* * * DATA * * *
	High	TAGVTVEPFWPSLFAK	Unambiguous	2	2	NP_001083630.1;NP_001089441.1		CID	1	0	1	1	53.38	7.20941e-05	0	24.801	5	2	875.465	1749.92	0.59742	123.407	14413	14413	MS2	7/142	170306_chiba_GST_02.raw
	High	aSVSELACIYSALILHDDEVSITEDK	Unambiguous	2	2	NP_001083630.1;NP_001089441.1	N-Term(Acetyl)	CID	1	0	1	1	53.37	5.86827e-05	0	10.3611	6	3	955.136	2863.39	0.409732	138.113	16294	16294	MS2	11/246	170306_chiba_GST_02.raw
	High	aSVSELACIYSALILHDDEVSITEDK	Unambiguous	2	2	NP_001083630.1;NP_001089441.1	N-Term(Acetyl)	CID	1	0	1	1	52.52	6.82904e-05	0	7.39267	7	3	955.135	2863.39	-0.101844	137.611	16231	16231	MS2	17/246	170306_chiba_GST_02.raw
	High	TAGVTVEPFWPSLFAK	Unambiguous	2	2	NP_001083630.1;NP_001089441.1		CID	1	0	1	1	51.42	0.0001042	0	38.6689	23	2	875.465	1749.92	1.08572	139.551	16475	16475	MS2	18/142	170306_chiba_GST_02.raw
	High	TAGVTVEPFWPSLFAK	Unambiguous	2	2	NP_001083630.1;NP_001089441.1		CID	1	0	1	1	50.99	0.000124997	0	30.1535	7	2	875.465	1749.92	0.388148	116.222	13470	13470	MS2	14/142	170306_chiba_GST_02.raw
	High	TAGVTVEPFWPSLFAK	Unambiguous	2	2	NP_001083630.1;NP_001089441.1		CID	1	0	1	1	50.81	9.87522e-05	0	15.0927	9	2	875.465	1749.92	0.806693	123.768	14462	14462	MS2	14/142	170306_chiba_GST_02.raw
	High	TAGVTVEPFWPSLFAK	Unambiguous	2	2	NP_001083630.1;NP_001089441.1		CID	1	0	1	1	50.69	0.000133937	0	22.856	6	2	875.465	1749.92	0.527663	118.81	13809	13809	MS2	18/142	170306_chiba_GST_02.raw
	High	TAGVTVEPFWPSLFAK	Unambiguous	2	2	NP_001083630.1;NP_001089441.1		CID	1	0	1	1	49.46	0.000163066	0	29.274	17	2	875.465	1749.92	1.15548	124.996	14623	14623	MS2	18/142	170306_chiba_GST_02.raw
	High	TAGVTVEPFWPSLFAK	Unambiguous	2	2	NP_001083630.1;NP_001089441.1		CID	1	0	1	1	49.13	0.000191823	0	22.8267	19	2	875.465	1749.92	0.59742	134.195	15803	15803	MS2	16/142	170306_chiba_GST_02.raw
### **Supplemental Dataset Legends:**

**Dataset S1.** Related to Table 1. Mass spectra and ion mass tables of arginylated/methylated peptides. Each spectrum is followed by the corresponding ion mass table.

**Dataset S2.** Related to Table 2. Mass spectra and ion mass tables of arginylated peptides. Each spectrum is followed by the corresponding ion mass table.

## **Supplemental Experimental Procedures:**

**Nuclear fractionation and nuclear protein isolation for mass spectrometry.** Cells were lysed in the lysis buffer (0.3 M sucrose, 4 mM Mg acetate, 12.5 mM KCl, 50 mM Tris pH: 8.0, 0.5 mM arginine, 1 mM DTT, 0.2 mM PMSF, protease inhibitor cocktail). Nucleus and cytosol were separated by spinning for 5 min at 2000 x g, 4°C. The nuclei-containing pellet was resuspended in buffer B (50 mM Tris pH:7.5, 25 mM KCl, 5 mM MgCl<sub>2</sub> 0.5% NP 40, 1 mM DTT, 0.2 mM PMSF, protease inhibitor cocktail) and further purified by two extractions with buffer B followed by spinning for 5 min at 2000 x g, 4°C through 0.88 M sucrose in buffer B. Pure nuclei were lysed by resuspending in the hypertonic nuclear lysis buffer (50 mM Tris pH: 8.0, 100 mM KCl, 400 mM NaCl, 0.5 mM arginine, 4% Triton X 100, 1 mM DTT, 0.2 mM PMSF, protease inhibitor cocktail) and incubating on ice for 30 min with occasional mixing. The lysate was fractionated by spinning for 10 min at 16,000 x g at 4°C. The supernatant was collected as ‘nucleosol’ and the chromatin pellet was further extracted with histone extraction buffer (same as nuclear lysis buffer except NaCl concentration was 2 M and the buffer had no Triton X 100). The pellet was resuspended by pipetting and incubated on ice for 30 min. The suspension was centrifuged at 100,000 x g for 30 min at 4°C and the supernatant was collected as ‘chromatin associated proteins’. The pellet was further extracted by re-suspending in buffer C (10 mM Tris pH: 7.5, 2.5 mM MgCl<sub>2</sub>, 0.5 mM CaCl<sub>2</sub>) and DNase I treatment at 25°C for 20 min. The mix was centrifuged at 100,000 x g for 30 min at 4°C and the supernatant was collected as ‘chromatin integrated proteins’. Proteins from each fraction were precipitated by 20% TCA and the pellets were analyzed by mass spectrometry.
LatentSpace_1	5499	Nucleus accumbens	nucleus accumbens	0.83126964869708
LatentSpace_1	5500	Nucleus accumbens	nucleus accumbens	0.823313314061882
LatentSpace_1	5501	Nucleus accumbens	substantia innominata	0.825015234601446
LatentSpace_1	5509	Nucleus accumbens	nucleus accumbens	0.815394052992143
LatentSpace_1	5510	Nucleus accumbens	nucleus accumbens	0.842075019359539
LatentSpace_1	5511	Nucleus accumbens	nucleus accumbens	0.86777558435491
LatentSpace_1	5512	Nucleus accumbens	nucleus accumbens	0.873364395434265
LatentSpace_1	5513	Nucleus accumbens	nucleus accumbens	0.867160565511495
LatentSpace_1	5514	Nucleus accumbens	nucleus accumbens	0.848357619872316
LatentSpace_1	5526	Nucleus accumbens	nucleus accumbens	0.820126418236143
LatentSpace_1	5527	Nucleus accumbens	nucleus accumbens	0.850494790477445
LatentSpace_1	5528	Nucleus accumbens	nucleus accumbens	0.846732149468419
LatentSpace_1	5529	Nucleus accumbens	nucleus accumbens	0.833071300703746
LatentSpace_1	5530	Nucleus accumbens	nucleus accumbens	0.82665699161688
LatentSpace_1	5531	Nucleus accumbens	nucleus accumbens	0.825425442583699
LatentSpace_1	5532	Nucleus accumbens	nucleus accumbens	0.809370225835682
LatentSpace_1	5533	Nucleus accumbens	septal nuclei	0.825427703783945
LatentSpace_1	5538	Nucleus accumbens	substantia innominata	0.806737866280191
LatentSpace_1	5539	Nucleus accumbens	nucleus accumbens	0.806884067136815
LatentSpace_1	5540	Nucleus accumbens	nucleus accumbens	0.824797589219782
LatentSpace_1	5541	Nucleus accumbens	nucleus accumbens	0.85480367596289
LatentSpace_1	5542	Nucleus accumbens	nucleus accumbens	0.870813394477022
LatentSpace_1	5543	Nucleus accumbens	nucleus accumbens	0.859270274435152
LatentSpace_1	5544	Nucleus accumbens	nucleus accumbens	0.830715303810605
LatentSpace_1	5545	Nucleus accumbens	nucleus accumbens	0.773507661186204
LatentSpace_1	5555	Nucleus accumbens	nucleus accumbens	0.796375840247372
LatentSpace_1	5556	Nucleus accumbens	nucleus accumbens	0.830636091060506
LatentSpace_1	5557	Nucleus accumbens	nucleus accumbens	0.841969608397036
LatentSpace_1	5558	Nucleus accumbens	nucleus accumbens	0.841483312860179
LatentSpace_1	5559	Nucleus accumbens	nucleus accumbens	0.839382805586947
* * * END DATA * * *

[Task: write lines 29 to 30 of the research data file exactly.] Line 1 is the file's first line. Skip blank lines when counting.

LatentSpace_1	5531	Nucleus accumbens	nucleus accumbens	0.825425442583699
LatentSpace_1	5532	Nucleus accumbens	nucleus accumbens	0.809370225835682